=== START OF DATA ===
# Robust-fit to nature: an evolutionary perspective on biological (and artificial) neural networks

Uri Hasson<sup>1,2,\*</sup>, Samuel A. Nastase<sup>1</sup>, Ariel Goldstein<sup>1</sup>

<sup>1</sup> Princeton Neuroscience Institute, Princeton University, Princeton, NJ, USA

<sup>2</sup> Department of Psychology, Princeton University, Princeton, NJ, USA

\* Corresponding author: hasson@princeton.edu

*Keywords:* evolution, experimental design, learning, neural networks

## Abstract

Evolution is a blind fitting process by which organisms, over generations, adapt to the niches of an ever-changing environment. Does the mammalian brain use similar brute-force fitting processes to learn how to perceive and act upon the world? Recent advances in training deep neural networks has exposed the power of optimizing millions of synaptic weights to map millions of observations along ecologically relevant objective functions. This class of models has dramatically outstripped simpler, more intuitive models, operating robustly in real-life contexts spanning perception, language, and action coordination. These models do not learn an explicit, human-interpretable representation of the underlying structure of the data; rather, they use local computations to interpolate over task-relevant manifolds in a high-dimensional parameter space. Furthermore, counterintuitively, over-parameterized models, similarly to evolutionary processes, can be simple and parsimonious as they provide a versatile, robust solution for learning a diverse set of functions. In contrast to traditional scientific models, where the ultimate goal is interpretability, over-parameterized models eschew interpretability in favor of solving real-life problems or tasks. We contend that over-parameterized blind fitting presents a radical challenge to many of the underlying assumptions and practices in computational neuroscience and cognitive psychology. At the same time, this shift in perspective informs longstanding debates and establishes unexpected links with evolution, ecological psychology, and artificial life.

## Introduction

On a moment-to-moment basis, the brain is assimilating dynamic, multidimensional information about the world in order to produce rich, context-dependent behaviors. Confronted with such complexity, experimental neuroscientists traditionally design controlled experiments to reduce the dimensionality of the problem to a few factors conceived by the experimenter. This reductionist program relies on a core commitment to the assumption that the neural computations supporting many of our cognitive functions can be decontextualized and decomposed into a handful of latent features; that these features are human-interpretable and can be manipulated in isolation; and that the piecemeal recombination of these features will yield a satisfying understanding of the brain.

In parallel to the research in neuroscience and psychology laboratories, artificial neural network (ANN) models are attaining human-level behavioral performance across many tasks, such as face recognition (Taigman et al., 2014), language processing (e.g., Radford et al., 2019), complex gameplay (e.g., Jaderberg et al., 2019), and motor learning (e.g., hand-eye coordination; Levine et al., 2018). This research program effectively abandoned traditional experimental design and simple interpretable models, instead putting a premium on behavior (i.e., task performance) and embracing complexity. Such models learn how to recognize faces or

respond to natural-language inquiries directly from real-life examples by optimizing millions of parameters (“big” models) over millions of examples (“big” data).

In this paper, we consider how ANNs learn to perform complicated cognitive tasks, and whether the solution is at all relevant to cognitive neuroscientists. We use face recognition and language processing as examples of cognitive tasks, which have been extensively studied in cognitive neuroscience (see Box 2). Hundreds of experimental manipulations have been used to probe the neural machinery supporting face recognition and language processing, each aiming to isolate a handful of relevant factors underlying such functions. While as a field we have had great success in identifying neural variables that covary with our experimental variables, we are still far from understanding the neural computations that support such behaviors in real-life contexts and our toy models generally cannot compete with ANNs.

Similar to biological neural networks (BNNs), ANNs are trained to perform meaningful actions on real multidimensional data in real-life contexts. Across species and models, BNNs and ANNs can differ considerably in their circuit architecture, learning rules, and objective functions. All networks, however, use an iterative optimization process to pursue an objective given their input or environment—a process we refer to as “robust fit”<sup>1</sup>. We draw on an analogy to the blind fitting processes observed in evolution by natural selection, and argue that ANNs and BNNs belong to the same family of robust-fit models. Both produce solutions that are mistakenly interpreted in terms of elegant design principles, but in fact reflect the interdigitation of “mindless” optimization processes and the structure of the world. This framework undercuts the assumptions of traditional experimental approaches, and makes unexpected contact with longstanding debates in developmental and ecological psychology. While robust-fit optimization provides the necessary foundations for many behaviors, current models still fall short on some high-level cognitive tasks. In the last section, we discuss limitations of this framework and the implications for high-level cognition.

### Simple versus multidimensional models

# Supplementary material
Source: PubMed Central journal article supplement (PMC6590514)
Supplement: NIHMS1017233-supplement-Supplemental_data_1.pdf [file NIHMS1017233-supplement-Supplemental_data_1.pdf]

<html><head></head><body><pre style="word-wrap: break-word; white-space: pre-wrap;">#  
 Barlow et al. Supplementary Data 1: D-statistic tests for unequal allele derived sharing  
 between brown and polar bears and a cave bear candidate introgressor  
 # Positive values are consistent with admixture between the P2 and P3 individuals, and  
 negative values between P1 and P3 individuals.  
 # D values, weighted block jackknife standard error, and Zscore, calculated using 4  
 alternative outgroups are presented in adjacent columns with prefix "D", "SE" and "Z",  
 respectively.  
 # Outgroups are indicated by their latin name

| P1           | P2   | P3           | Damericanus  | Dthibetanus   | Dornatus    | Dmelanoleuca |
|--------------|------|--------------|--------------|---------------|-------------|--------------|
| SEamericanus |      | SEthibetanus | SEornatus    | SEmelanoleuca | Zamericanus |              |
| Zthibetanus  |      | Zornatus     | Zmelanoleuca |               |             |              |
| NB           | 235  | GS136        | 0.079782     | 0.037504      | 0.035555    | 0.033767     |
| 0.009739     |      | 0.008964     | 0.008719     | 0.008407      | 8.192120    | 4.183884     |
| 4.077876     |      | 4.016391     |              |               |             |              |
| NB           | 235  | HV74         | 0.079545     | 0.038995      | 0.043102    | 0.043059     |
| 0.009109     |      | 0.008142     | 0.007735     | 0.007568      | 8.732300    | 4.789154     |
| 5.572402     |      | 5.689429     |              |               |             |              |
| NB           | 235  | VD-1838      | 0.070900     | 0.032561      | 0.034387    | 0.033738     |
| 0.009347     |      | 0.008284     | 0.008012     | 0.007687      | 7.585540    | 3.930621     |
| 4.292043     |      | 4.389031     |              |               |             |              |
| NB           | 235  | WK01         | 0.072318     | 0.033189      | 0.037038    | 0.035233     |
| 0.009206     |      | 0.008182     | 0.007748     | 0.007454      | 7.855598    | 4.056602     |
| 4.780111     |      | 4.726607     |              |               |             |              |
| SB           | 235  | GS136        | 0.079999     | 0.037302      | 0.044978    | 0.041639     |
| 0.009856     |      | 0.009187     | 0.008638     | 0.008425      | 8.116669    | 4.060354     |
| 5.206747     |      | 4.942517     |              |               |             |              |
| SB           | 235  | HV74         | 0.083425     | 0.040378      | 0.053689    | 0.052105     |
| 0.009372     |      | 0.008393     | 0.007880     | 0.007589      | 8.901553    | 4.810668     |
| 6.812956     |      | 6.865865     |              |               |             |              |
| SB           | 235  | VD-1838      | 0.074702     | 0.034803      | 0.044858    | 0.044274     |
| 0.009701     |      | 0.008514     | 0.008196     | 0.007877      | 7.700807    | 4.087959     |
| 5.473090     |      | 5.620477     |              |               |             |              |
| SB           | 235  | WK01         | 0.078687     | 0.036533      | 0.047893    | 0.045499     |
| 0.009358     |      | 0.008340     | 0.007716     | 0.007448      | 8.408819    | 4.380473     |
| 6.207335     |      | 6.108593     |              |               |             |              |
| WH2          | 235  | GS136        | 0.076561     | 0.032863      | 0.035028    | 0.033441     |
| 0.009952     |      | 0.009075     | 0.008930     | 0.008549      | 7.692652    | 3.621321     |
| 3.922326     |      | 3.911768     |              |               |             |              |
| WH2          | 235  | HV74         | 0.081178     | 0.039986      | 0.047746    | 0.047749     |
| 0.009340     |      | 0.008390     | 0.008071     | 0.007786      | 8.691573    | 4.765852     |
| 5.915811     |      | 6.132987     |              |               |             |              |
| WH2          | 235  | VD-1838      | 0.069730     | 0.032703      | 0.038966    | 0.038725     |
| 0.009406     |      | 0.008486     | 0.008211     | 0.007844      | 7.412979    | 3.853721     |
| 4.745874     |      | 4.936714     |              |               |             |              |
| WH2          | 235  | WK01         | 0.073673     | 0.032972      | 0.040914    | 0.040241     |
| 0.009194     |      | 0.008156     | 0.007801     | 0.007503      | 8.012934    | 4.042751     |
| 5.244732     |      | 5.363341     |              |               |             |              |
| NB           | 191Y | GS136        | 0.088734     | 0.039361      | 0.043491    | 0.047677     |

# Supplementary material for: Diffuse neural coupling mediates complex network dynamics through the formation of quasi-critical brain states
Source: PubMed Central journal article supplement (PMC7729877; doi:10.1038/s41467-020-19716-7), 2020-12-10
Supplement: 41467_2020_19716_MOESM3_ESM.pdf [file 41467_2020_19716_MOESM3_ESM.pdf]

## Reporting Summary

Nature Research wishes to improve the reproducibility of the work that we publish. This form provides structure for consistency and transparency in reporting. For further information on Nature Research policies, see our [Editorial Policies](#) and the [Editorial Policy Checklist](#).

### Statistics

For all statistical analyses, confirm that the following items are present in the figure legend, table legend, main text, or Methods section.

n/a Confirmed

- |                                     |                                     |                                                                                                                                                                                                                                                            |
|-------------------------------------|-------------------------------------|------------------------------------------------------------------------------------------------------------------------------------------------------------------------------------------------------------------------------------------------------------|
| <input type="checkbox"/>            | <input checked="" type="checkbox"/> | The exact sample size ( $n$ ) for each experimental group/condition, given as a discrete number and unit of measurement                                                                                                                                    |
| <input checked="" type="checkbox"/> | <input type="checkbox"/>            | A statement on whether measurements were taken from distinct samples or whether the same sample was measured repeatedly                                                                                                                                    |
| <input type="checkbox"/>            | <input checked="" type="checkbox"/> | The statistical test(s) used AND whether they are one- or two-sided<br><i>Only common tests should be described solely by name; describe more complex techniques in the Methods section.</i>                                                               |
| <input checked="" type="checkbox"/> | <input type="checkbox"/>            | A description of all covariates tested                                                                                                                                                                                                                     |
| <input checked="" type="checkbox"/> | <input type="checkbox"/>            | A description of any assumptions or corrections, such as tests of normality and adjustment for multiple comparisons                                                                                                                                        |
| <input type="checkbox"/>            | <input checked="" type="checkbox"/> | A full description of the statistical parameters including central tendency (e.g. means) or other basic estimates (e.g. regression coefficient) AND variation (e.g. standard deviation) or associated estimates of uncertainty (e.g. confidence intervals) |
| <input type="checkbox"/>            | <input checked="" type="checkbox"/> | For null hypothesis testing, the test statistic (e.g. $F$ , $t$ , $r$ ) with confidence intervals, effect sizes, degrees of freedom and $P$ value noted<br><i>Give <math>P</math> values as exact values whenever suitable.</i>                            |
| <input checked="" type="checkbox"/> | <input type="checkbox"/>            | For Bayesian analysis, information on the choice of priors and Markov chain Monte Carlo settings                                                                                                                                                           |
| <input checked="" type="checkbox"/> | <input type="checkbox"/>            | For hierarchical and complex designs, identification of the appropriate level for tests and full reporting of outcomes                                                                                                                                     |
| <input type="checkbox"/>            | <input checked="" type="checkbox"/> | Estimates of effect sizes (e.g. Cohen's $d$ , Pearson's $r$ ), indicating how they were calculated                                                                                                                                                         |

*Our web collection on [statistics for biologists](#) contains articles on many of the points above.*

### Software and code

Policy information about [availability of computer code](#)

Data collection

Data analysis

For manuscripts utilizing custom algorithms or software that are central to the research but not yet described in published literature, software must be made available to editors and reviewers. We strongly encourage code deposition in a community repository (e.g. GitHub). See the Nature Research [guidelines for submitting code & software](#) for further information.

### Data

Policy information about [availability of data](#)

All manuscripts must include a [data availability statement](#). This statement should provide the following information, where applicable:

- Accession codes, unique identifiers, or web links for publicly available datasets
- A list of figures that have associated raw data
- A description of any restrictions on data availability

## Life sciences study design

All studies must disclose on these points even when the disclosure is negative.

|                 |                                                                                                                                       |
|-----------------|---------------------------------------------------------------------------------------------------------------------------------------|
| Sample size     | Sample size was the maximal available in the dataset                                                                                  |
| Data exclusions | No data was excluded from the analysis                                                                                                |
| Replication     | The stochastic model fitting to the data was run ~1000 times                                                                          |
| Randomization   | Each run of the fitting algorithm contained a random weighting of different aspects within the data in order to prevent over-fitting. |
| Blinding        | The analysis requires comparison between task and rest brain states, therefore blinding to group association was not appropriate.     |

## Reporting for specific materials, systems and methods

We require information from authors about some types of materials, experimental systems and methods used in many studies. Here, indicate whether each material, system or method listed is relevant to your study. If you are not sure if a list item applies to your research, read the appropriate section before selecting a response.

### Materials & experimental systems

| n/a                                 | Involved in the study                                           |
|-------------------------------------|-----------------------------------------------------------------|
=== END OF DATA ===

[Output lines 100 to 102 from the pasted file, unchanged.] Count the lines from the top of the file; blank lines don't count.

- A description of any restrictions on data availability

## Life sciences study design

All studies must disclose on these points even when the disclosure is negative.